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Later Alligator Review (Switch eShop)


What do you get when you mix Professor Layton with Adventure Time? The comparison doesn’t even begin to do it justice, but that’s vaguely what to expect from the brilliant Later Alligator, brought to you by the brains and pens that made Baman Piderman (as well as a couple of episodes of the aforementioned Adventure Time).

Later Alligator is a big, long goof of a game that’ll make you smile like a crocodile. Every minute of this game is crafted with love, attention to detail, and a sense of humour that could even cause you to wee yourself a little bit. And somehow, despite being a noir story about helping out a paranoid alligator by playing a bunch of minigames, it’s surprisingly relatable. Who among us has not jumped to conclusions about whether or not our weird Mafia family are plotting to kill us?

The story is thus: it’s Pat’s birthday, but he’s relatively sure that his Mafia family is plotting to kill him. He hires you, a stranger who is also an alligator, to spend a few hours in Alligator New York City, meeting his extensive family and performing small feats for them as favours in order to learn more about the “surprise” they’re planning for Pat.

These small feats are individual minigames, and all of them are incredibly silly. Flours of Annoy is a Towers of Hanoi-like game about stacking pancakes for an excitable four-year-old; Knife to Meet You is one of those games where you stab the table (but try to avoid your fingers) that gets increasingly ludicrous; Watch A Totally Normal Baby is… exactly what it sounds like, for sure, definitely. It’s hard to tell if the titles or the minigames came first, because each one is a groan-worthy delight of punnery and winks to the camera. Later Alligator is not shy about going full ‘dad-joke’, and it commits with aplomb.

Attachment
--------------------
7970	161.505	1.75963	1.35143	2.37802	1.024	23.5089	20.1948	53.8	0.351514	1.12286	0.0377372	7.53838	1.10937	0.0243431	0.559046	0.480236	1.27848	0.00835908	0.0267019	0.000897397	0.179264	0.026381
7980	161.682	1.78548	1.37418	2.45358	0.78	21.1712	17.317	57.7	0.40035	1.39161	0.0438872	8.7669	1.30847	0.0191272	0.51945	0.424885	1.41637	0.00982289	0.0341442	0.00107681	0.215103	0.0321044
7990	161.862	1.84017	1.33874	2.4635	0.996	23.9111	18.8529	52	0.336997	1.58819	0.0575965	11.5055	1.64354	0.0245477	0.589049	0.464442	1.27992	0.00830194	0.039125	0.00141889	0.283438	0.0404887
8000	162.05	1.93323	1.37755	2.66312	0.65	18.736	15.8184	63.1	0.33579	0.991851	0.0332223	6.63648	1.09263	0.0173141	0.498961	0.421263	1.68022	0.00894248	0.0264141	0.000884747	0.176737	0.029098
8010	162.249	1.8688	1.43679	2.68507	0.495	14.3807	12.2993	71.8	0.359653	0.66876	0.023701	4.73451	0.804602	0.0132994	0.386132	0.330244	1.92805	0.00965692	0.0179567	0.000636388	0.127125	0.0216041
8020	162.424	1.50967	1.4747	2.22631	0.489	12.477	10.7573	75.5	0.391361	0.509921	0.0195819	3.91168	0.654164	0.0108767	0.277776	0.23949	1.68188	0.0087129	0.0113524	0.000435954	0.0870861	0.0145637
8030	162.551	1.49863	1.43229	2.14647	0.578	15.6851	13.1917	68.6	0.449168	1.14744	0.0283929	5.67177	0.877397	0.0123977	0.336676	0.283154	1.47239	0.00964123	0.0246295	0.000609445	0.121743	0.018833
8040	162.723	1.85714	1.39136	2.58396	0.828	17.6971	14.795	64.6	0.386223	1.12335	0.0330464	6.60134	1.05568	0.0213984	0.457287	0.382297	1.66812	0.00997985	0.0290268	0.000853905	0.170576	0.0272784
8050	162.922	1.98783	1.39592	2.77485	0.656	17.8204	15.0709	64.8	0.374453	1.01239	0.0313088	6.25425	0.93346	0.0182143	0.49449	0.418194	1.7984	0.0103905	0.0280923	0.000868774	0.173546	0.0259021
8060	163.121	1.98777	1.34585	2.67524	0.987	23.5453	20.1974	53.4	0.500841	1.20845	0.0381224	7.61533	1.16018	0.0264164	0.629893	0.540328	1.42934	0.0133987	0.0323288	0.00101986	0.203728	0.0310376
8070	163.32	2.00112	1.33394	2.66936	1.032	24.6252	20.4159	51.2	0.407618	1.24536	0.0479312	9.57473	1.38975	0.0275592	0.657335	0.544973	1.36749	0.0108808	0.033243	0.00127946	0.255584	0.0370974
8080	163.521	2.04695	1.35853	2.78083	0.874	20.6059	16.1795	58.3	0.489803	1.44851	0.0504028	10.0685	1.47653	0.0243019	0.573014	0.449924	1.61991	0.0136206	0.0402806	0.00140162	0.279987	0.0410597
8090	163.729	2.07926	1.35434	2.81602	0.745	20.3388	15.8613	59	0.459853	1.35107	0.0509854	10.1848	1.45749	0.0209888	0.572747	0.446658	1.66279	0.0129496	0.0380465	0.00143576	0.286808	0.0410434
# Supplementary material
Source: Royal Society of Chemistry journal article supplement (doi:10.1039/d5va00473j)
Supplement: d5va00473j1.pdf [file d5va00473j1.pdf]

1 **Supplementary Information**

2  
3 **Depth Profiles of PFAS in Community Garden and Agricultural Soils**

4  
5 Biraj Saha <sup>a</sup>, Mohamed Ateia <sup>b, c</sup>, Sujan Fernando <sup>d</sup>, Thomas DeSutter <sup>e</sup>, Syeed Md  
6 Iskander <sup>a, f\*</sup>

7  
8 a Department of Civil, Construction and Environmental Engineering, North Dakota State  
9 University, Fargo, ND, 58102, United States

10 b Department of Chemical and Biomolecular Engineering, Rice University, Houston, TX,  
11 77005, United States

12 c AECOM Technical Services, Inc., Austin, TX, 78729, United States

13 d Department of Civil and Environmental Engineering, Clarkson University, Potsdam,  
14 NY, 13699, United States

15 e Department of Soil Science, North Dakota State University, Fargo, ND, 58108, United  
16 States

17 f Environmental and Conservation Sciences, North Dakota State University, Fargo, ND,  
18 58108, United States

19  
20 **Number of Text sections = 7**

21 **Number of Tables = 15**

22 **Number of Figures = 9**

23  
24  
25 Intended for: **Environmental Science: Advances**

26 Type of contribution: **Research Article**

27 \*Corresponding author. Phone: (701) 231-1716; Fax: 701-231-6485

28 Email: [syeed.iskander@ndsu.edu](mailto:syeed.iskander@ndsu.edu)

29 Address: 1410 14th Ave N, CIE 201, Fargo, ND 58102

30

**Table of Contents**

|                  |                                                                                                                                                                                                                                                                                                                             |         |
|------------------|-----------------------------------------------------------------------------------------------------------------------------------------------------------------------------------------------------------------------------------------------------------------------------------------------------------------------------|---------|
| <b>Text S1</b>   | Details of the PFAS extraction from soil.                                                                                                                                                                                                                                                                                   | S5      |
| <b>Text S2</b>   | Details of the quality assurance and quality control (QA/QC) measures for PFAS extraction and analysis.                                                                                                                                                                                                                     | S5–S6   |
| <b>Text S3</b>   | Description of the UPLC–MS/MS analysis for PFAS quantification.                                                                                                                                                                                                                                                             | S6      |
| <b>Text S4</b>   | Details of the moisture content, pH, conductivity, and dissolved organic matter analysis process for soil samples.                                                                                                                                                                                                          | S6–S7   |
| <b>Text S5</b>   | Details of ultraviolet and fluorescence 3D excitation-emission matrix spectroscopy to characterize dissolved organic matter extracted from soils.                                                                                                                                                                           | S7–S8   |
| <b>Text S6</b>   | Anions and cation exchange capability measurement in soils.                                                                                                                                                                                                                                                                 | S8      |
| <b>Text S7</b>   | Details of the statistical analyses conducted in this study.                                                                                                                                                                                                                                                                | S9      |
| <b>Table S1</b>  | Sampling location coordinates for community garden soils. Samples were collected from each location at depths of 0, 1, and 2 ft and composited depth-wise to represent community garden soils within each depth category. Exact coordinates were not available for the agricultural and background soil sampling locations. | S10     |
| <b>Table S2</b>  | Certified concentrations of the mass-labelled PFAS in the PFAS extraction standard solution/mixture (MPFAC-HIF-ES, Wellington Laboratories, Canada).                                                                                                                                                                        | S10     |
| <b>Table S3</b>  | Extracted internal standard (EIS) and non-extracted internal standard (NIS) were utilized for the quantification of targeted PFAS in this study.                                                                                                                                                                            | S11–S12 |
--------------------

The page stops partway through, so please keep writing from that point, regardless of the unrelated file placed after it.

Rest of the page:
The titles, descriptions, and dialogue are what set this game apart from the rest: every single sentence is dripping with wit and imagination, from the bit where you have to find Pat’s hotel door code by visiting his website, alligator.fun, to helping a gay anime-loving alligator to exorcise the anime ghosts from his phone (“Ghost In The Cell”). There are even some pretty great references and parodies hidden here and there, which we won’t spoil. In fact, it was hard to choose screenshots for this review, because so many of the lines we wanted to showcase are best discovered by the player. Trust us!

Of course, we would be idiots for not mentioning the animation. It’s no surprise that SmallBu is an Emmy Award-winning studio; even with just the two of them on the team, they have a unique style that’s full of personality and charm. Each character wiggles and flaps their alligator arms around like an excited toddler telling you about a Really Big Dog they saw, and it’s utterly charming.

It can be frustrating to play certain minigames that seem designed to be hard to play – like the Towers of Hanoi pancake-stacking game moving around at one point – and the sensitive cursor is tricky to control, too. Some games are better played in handheld, since you can use the touchscreen for better accuracy. You’ll get the chance to replay any minigames you fail, but it’ll cost you time – and you only have limited time before the plot rushes things along, and a retry may cost you the ability to meet every ‘gator and play all of the games.

Now, Later Alligator is a short game – maybe around 2-6 hours or so – and people expecting something a little bit more substantial time-wise may find themselves disappointed. But Later Alligator benefits from multiple playthroughs, with three separate endings and a few side-missions that you may have missed the first time around, like collectable puzzle pieces hidden around the world that recall Professor Layton’s hint coins.

More than that, though, it’s a true joy to find a game that doesn’t stretch out its stellar moments with long sections of padding. Every minute you spend in Later Alligator is time well-spent, with background details to look at, terrible puns to appreciate, and a noodly jazz soundtrack that’s full of bops. It’s worth the price, we say, because it has the highest laughs per second (LPS) of any game we’ve played. That’s damn good value!





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